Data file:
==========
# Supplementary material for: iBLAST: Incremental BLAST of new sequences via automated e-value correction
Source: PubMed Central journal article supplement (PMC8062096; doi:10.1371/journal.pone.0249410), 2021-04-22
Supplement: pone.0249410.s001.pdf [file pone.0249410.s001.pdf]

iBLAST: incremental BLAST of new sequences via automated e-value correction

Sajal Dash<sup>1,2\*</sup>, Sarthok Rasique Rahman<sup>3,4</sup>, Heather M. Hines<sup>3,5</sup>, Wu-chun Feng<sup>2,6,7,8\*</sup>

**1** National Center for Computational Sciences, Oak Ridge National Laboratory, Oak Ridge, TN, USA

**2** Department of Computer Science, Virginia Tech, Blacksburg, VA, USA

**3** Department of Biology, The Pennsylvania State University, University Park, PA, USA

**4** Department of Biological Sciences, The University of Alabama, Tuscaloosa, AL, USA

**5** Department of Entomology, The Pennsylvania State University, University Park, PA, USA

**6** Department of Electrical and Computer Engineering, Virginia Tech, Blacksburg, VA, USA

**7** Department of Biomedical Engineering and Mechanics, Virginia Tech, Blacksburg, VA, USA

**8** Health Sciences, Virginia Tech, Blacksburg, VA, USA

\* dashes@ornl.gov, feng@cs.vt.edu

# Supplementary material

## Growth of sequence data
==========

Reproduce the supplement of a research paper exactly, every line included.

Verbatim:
# Supplementary material for: iBLAST: Incremental BLAST of new sequences via automated e-value correction
Source: PubMed Central journal article supplement (PMC8062096; doi:10.1371/journal.pone.0249410), 2021-04-22
Supplement: pone.0249410.s001.pdf [file pone.0249410.s001.pdf]

iBLAST: incremental BLAST of new sequences via automated e-value correction

Sajal Dash<sup>1,2\*</sup>, Sarthok Rasique Rahman<sup>3,4</sup>, Heather M. Hines<sup>3,5</sup>, Wu-chun Feng<sup>2,6,7,8\*</sup>

**1** National Center for Computational Sciences, Oak Ridge National Laboratory, Oak Ridge, TN, USA

**2** Department of Computer Science, Virginia Tech, Blacksburg, VA, USA

**3** Department of Biology, The Pennsylvania State University, University Park, PA, USA

**4** Department of Biological Sciences, The University of Alabama, Tuscaloosa, AL, USA

**5** Department of Entomology, The Pennsylvania State University, University Park, PA, USA

**6** Department of Electrical and Computer Engineering, Virginia Tech, Blacksburg, VA, USA

**7** Department of Biomedical Engineering and Mechanics, Virginia Tech, Blacksburg, VA, USA

**8** Health Sciences, Virginia Tech, Blacksburg, VA, USA

\* dashes@ornl.gov, feng@cs.vt.edu

# Supplementary material

## Growth of sequence data